Ironically, Prohibition, when liquor was banned for more than a decade, was the trigger that really shaped the underworld of gangsters. It was when speak-easies proliferated, sparking ingenuity in cocktail-making and the use of exotic ingredients. A bartender needed to find interesting enough flavours, even though the moonshine (as homemade spirit was called then) that was served was often of a less-than-acceptable standard. Still, classic drinks were in great demand. Gin and tonic, for example, moved from being an eccentric British tipple enjoyed in India and the Far East to become the aperitif of the day. And the code words “Ask for Schweppes were the cue shady barmen were waiting for before they grabbed that illicit bottle of liquor from under the bar. In the Schweppes posters of the era, we see sophisticated women smoking cigarettes and asking for Schweppes”.



However, if you were an American who really wanted to have fun, you had to go to Europe, where the US dollar was worth a minor fortune. Newspaper men such as Ernest Hemingway and Albert Hirschfeld only needed to write an article or sell a drawing a month to live a life of restaurants and cafes most of us could only dream of frequenting now. At night they still had enough money left over to visit a cabaret and experience the bare-breasted star of the time, Josephine Baker. And if by some strange mystery you happened to run out of money and had some artistic talent, you could always visit Gertrude Stein, the patron of American artists in Paris, who also named the young generation who had survived the First World War – the Lost Generation.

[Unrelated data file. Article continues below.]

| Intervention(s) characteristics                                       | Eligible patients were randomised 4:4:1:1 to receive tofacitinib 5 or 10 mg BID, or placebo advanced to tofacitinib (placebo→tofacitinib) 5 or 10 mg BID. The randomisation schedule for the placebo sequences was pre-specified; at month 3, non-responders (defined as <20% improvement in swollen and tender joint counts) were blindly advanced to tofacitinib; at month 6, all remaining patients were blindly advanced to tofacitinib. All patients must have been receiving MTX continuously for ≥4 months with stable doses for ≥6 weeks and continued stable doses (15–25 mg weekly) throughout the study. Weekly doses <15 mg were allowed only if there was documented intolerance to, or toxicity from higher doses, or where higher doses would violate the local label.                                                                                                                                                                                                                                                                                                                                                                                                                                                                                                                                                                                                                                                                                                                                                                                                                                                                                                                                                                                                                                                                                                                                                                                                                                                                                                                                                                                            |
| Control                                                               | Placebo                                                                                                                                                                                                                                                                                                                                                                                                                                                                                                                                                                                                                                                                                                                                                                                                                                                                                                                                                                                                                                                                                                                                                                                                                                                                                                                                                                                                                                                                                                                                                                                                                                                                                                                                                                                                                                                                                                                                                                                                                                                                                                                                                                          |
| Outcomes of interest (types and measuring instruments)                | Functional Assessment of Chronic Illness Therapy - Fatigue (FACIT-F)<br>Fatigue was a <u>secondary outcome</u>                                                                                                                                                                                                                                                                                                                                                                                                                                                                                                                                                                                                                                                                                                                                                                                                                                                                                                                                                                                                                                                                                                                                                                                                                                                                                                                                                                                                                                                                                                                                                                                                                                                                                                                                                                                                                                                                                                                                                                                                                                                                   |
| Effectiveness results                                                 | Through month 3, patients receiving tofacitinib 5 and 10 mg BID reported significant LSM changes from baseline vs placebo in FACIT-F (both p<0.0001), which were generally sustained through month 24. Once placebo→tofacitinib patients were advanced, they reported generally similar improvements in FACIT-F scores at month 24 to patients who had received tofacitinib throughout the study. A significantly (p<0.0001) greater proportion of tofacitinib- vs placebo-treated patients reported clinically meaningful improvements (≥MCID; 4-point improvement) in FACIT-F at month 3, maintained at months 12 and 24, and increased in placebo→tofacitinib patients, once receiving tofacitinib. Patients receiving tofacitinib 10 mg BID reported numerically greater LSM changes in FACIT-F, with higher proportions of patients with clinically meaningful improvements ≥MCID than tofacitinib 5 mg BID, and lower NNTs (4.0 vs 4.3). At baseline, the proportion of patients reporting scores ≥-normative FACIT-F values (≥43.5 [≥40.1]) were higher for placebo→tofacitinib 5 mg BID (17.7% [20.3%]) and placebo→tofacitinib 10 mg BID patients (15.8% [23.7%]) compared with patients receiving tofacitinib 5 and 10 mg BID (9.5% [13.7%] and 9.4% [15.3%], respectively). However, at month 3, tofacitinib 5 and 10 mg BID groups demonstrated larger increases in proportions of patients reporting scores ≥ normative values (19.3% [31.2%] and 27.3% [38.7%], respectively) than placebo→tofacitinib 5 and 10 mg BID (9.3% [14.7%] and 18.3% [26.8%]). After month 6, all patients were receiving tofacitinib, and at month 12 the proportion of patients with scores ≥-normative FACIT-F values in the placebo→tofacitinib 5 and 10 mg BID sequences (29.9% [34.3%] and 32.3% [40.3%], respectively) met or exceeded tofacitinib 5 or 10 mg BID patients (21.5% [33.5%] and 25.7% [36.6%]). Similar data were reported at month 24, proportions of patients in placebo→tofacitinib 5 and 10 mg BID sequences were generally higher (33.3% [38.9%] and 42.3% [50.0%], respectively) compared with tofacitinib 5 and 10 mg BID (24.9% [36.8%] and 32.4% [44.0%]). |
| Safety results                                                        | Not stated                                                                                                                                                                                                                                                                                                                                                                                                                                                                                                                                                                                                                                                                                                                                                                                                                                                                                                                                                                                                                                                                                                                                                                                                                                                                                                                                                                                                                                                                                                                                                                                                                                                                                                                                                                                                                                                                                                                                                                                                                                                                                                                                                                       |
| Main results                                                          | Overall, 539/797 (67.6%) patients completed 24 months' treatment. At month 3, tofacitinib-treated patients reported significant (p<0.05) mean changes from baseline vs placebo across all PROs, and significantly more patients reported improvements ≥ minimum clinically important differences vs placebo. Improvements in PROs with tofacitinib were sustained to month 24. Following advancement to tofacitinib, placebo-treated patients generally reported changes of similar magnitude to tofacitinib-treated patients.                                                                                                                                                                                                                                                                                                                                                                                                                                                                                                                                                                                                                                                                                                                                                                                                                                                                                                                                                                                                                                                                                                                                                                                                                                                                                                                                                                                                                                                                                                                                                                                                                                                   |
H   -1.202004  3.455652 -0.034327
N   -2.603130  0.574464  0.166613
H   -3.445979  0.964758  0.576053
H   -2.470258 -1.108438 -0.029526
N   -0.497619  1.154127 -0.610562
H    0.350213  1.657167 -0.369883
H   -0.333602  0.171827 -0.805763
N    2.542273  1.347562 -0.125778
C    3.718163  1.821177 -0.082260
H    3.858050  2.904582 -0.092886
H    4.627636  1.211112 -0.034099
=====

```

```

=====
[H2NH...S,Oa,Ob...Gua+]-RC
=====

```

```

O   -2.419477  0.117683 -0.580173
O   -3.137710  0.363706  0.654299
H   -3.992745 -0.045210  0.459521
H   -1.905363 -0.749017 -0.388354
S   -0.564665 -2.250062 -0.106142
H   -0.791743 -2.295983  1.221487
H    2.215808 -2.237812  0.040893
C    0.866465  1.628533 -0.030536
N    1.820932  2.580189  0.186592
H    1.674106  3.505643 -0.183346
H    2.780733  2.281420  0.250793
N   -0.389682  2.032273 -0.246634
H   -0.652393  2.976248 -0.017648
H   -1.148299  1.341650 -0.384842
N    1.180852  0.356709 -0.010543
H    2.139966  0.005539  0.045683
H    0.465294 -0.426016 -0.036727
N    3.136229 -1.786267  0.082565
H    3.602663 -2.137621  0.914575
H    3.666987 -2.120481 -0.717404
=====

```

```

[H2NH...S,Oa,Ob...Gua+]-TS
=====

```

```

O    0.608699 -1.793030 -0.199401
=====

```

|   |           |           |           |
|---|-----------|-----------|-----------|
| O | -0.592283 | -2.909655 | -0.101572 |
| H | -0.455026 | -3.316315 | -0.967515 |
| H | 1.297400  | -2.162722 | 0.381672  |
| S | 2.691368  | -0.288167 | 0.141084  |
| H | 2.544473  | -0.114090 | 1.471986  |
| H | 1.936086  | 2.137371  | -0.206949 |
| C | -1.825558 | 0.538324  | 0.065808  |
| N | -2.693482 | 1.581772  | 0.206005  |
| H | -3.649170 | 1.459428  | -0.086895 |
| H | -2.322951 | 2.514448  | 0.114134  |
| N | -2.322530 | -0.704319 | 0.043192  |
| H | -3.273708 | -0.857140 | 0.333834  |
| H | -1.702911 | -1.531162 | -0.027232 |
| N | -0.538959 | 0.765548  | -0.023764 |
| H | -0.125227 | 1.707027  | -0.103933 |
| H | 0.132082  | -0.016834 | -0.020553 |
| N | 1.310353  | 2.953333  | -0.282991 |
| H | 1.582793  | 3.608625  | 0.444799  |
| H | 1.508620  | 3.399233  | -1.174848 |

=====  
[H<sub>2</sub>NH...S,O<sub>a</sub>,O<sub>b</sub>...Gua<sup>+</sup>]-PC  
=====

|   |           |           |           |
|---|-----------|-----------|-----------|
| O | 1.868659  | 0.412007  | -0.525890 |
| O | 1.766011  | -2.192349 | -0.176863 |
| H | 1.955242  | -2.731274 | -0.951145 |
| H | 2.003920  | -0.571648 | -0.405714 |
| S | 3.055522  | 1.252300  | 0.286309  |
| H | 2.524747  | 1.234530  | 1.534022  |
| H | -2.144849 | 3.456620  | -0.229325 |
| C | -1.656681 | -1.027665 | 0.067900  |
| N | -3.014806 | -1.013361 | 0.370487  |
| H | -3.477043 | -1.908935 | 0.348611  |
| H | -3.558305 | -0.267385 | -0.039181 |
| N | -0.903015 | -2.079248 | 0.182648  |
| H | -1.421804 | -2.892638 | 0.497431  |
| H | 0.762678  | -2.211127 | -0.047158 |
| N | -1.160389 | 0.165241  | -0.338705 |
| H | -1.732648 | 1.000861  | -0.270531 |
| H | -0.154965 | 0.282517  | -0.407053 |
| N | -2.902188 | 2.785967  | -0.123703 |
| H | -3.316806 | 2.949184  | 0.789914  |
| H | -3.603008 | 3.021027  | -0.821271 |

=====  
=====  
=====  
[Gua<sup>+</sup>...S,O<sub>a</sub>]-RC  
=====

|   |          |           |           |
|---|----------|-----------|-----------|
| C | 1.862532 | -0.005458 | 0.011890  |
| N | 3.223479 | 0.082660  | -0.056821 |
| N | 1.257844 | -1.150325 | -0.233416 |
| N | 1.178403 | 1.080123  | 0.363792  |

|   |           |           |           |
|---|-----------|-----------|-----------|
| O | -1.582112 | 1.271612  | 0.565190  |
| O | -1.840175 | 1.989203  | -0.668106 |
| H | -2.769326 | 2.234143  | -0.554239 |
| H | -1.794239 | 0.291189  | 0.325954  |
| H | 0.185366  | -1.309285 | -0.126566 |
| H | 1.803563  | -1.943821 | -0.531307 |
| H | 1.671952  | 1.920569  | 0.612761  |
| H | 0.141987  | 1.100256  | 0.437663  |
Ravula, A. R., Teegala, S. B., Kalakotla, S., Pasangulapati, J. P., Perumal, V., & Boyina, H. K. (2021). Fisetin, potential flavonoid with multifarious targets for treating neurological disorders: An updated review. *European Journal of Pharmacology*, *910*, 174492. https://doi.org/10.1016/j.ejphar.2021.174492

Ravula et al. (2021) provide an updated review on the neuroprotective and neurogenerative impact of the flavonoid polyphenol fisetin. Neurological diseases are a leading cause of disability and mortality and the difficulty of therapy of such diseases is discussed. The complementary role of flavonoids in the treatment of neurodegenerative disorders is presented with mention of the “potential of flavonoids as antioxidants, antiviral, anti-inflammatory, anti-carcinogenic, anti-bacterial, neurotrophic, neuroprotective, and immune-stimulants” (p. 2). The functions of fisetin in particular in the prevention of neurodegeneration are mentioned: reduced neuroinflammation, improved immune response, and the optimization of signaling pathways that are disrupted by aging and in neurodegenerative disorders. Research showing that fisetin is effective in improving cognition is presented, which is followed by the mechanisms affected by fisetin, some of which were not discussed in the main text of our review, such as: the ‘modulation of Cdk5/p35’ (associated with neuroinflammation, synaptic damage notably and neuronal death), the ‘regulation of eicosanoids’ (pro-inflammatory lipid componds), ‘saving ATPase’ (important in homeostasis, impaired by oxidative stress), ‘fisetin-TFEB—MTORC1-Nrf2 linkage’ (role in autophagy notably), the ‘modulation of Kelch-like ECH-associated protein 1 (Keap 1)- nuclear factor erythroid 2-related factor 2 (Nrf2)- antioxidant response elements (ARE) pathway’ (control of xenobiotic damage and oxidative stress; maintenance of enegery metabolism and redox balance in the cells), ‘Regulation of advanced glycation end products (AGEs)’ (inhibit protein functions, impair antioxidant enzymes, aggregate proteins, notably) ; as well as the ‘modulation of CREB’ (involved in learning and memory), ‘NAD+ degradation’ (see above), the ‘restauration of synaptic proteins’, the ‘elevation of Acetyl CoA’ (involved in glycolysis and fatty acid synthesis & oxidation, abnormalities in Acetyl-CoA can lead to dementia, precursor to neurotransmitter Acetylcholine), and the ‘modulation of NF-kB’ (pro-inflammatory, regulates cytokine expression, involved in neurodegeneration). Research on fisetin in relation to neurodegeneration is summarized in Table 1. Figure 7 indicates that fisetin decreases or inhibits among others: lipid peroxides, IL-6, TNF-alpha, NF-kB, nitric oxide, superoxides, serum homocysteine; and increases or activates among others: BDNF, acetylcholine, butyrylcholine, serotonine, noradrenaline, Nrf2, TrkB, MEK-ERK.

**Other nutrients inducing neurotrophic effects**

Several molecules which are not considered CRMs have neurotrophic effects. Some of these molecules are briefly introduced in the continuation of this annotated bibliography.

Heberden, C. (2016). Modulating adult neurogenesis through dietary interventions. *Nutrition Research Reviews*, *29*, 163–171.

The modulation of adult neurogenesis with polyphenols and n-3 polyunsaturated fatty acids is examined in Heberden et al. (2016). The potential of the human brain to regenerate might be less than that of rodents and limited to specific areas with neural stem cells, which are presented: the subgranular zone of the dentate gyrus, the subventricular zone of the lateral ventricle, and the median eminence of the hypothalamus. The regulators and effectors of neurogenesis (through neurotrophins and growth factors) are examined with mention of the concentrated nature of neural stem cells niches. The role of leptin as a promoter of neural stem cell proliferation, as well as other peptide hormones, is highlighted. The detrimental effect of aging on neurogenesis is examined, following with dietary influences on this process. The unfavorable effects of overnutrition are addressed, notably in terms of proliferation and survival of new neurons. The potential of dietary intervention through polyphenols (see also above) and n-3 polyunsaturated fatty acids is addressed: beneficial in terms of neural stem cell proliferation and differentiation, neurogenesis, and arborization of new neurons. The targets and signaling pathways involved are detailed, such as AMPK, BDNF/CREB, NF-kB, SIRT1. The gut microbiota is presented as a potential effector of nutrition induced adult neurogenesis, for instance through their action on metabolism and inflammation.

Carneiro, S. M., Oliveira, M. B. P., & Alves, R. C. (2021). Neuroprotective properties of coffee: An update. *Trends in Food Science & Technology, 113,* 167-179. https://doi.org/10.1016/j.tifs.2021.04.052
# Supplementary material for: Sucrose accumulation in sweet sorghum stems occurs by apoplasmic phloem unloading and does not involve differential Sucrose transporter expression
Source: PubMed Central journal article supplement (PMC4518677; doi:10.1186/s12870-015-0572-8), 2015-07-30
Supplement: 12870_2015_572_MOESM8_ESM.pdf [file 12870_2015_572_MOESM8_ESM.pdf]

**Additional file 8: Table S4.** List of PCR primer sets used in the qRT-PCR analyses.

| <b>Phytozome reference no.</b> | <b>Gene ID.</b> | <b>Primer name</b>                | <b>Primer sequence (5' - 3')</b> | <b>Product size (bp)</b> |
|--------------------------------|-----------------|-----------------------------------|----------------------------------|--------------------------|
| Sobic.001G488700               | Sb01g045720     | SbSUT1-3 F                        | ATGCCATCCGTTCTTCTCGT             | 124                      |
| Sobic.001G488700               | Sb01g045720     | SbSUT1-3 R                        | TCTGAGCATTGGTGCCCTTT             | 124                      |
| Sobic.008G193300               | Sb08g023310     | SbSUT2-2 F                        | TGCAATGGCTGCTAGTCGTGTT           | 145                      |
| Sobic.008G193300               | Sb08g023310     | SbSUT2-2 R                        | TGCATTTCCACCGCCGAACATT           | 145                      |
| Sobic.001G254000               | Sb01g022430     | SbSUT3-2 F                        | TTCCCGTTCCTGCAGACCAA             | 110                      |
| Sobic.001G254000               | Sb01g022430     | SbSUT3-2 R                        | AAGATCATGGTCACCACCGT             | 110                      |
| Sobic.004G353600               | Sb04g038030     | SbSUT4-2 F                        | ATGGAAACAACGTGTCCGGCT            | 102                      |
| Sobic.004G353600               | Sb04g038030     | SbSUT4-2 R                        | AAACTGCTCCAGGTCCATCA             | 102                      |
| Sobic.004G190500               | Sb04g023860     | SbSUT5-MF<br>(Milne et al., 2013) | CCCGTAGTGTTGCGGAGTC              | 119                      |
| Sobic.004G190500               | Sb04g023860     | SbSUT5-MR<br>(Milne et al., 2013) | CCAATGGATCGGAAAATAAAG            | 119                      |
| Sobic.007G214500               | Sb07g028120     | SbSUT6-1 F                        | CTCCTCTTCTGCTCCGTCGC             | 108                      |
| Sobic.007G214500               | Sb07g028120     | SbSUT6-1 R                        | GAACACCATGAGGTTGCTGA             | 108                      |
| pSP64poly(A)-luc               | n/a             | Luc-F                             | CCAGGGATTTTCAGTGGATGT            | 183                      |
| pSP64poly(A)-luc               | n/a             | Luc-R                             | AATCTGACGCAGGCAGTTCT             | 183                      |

It was here, on the Continent, that American culture truly blossomed. Bars such as Harry’s in Paris presented cocktails and long drinks that had never been seen before. The Scottish bartender Harry MacElhone, who later took over the establishment, whipped up such classics as the French 75, sidecar, old pal, scofflaw, boulevardier and monkey gland. Some even claim he was the man behind the bloody mary. He went on to write two books filled with recipes he invented or perfected at the bar; they have become classics of Prohibition-era mixology. Today, Harry’s is more of a businessman’s bar, but it’s still worth a visit.